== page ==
1855. His father, honored for bravery in the Mexican War, died when William was 8. His mother, who once was called the richest woman in the South with some $3 million at her disposal, raised her son amid the arts. Their house was filled with paintings, statues and tapestries, and she was fond of giving big parties. His upbringing rubbed off on him. Ackland would write several books and volumes ofpoetry, although there's little vidence he succeeded in getting pub- lished. He earned an undergraduate degree from Nashville University and a law degree from Vanderbilt, although he never practiced. Apparently he didn't inherit money from his mother but received $100,000 from a beloved sister and invested it well enough to become a world traveler. Ackland had a brief marriage, with no children. He relished :m galleries, along with literature, the theatre and tennis. He was an annual visitor to Ormond, Fla.,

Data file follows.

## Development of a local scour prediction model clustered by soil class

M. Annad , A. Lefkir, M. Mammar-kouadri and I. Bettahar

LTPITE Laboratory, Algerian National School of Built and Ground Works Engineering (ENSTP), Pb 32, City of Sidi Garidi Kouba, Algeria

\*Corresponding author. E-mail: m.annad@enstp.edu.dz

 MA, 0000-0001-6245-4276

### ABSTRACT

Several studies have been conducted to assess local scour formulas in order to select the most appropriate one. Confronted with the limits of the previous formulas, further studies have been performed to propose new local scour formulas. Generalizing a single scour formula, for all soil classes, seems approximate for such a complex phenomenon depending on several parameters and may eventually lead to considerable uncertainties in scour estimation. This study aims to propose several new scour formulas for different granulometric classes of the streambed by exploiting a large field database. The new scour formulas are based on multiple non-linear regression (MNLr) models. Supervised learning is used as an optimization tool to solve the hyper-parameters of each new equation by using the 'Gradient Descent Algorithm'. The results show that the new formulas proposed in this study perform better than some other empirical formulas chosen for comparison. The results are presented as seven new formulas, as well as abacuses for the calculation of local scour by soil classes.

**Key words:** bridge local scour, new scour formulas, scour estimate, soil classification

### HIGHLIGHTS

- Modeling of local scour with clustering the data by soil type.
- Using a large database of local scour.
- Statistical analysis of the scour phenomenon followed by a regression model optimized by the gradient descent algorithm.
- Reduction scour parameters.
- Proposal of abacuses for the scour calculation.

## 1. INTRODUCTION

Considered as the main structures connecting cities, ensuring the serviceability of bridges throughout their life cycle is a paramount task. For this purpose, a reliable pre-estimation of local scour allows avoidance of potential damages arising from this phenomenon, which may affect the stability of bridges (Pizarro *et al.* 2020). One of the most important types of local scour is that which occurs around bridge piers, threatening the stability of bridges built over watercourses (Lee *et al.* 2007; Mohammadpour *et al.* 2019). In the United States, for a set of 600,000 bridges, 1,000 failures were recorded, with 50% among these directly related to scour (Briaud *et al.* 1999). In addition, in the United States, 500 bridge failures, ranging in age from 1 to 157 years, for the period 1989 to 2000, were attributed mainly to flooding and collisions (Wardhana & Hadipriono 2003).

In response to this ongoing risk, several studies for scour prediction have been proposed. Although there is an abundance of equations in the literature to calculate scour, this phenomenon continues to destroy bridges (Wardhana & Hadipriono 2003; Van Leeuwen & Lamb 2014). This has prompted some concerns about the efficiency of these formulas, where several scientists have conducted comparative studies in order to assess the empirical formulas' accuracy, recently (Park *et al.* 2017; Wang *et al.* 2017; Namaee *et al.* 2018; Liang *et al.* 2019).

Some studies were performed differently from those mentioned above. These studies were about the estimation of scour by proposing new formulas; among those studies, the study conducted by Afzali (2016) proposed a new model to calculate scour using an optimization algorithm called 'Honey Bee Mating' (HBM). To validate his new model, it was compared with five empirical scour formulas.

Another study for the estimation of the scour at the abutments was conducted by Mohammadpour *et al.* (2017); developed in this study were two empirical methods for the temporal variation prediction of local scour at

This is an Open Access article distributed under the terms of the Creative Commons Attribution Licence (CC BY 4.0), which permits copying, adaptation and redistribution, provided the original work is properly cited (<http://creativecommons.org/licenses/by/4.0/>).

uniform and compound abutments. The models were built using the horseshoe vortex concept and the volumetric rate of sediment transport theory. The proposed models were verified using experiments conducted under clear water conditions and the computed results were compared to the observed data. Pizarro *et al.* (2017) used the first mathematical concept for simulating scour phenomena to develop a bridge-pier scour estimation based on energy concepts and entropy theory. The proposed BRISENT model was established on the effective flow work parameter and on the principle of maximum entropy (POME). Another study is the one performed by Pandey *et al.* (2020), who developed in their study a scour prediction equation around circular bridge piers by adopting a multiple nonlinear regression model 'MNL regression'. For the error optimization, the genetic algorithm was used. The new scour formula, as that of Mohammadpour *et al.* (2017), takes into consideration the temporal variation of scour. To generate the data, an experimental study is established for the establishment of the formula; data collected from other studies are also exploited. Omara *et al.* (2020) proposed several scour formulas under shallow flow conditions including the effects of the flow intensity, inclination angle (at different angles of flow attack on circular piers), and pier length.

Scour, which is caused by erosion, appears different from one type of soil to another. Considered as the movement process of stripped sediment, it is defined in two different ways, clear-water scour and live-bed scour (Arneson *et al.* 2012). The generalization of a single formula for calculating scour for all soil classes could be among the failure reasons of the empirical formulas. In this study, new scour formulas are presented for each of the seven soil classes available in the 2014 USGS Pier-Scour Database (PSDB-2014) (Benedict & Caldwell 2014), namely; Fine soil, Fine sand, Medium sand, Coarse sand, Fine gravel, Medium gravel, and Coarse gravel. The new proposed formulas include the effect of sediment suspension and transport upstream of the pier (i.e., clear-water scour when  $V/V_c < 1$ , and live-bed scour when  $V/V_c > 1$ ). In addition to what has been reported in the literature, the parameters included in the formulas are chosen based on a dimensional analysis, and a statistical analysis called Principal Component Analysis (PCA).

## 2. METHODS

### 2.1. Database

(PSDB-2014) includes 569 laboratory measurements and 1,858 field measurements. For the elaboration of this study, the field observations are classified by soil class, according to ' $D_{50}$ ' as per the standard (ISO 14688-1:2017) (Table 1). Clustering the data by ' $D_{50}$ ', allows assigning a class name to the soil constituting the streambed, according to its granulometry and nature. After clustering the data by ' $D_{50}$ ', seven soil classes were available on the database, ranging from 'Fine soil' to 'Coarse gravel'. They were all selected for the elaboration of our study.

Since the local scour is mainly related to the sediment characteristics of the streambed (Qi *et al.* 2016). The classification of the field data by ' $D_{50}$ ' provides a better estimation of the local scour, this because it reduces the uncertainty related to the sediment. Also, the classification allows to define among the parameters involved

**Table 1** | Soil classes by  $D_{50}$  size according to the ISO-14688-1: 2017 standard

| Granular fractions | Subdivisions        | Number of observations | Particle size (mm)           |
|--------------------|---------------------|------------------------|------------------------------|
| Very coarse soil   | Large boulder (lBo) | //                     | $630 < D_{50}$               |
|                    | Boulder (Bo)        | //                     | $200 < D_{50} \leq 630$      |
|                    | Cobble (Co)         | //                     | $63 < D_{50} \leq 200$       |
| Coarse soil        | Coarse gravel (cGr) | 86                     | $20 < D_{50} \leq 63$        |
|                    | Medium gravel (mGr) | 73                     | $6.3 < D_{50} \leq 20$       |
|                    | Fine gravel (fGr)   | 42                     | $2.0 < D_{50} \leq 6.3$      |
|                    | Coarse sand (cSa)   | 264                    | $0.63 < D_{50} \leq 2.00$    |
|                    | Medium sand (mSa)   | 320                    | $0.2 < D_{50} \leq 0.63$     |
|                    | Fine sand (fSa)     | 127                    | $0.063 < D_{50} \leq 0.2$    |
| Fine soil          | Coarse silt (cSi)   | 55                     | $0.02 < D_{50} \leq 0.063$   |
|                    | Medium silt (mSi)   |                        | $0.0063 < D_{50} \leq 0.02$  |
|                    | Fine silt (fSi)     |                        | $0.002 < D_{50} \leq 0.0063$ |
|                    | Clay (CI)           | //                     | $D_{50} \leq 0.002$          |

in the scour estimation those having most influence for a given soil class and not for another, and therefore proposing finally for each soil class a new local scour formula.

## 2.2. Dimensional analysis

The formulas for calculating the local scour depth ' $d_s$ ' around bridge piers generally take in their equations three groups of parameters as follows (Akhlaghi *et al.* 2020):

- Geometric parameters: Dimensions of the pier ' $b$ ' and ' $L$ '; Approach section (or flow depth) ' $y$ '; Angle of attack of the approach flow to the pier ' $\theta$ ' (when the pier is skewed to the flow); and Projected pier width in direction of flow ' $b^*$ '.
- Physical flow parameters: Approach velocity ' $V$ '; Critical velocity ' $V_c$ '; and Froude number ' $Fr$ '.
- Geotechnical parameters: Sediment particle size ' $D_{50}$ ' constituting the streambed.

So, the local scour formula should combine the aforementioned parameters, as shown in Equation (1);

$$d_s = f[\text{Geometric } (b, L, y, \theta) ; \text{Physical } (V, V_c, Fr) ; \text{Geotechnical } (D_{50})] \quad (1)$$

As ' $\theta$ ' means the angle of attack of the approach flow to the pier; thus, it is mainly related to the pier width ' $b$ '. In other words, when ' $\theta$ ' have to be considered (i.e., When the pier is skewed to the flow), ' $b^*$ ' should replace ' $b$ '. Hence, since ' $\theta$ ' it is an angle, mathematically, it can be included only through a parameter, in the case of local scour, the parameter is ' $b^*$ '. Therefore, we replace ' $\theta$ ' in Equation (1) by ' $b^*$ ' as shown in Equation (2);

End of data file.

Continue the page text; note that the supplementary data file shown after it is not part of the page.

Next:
and Lake Mohonk, N. Y, and spent part
of each year in Washington, D.c. Sketchy
accounts ofhis life indicate he had few
close friends and lived alone in Washington hotels in his later years.
By the time he was 80, he had about
$1.4 million to give away. Except for
$20,000 to a niece, he made only token
bequeaths to family. In December 1936,
he wrote letters to Duke University,
Rollins College in Florida, and Carolina.
The American South at this time was
not a destination for the art lover. But the
University at least was thinking about
making a move. It made some good ones.
In the sununers of 1934 and ' 35,
North Carolinian Francis Speight was
lured to Chapel Hill from the Pennsylva-
nia Academy of Fine Arts. The attention
his classes drew moved the University
administration toward a larger emphasis
on the arts.